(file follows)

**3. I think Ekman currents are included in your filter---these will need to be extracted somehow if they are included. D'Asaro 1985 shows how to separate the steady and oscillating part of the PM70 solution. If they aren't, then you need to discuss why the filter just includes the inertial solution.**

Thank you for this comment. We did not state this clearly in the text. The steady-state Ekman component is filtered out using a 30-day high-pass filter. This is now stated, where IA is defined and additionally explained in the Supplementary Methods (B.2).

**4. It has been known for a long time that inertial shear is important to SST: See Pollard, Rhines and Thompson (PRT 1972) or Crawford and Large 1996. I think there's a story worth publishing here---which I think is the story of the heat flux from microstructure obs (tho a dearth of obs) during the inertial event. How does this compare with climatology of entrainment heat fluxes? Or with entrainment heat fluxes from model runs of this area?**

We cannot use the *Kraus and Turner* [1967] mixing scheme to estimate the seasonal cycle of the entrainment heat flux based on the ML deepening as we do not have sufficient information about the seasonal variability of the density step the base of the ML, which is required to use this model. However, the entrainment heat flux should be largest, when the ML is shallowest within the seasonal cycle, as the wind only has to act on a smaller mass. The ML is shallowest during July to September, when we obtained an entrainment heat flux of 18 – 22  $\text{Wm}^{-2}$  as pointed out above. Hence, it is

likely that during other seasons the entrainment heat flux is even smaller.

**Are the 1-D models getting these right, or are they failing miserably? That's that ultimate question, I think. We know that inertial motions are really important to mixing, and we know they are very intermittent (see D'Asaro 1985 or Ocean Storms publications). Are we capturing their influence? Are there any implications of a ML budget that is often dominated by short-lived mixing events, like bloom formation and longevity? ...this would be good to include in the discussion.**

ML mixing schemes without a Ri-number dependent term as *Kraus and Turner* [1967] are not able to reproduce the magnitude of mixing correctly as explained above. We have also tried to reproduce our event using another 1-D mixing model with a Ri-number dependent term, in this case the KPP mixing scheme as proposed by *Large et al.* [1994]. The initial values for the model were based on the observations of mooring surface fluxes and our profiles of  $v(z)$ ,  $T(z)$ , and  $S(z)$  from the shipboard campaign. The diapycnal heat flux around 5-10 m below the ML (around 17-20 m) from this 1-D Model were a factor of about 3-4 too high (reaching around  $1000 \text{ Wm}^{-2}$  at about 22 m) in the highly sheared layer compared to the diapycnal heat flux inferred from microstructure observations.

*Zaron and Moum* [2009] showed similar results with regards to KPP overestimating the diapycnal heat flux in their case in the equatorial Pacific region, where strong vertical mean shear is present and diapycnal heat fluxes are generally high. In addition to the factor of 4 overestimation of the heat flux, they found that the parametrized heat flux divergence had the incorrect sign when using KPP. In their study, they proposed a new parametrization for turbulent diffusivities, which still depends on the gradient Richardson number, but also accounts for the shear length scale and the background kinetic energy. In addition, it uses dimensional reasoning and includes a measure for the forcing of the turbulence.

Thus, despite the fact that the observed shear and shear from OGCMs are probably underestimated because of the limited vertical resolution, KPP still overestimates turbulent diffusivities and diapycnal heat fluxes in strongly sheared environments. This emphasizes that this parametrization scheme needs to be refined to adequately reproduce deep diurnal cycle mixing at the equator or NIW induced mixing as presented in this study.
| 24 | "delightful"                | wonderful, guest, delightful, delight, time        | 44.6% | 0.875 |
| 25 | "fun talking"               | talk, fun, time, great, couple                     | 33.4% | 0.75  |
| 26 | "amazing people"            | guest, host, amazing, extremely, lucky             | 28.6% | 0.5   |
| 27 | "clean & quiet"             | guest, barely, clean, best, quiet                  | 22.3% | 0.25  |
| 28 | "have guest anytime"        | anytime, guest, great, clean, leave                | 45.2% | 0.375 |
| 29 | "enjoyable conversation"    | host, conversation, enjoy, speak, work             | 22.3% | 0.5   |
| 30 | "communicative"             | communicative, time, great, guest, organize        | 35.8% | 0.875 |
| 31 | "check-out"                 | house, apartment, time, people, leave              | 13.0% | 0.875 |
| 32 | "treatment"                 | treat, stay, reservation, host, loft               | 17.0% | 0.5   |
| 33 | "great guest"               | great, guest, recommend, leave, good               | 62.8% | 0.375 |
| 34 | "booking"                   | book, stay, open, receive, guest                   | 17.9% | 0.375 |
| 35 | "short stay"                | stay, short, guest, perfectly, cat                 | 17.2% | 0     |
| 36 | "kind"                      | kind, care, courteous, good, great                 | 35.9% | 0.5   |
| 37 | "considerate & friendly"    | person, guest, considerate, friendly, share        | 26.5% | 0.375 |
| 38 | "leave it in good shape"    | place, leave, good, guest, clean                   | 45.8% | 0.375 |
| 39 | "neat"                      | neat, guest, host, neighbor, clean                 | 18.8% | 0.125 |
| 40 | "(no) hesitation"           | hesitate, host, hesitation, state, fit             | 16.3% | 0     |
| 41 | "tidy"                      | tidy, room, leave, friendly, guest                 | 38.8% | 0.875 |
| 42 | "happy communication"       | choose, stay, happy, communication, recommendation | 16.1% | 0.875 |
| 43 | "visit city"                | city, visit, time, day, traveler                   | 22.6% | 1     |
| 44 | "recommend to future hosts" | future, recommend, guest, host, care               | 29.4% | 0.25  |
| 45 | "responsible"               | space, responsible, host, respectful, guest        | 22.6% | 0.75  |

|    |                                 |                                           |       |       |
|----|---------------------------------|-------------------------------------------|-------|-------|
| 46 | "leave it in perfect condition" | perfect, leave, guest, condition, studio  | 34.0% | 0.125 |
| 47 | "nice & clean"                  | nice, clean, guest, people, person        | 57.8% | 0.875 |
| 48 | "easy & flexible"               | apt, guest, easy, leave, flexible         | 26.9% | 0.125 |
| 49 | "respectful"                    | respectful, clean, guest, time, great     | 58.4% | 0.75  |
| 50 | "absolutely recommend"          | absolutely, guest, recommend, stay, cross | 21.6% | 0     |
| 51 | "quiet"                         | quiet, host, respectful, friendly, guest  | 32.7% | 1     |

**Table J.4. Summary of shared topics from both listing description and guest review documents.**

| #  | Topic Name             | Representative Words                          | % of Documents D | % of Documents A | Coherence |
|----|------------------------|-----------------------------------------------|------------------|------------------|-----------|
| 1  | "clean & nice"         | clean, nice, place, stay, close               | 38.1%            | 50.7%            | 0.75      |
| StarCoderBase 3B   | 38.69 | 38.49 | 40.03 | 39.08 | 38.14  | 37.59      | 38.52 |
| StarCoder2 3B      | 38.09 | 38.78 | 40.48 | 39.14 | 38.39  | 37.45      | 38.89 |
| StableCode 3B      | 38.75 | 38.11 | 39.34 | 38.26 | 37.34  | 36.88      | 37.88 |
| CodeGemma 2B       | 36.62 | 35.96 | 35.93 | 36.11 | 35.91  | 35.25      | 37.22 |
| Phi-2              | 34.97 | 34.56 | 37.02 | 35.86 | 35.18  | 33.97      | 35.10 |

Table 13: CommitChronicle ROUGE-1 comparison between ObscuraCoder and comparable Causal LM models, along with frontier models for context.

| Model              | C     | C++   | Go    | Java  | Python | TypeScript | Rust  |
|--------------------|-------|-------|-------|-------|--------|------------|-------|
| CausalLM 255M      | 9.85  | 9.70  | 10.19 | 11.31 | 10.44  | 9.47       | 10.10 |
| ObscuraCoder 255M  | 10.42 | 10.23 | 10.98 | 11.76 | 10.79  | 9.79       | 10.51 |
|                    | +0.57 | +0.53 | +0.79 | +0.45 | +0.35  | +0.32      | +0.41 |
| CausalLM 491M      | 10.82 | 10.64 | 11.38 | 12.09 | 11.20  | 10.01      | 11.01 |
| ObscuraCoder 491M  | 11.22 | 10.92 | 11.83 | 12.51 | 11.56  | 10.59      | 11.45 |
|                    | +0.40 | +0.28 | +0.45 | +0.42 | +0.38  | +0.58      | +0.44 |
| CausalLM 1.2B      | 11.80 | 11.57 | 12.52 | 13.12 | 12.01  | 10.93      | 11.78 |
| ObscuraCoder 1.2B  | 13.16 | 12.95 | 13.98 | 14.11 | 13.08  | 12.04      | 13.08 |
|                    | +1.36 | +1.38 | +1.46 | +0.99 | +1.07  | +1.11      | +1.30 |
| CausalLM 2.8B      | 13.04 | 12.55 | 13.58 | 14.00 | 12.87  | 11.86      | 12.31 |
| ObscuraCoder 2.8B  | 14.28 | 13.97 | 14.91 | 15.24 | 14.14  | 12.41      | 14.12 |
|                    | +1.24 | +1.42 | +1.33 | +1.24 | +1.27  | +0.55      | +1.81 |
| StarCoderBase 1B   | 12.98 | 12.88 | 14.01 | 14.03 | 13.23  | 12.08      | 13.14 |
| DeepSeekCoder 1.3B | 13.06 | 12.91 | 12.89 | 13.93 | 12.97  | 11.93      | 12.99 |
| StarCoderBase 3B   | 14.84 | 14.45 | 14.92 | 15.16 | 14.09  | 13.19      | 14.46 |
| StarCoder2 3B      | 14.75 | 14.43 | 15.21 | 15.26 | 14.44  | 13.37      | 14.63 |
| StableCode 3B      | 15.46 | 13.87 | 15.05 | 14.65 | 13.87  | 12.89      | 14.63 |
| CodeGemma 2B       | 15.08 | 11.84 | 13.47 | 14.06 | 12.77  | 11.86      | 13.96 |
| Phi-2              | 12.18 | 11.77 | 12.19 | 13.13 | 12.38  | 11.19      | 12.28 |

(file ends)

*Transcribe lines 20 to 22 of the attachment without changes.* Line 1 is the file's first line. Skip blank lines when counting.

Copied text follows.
| 34 | "booking"                   | book, stay, open, receive, guest                   | 17.9% | 0.375 |
| 35 | "short stay"                | stay, short, guest, perfectly, cat                 | 17.2% | 0     |
| 36 | "kind"                      | kind, care, courteous, good, great                 | 35.9% | 0.5   |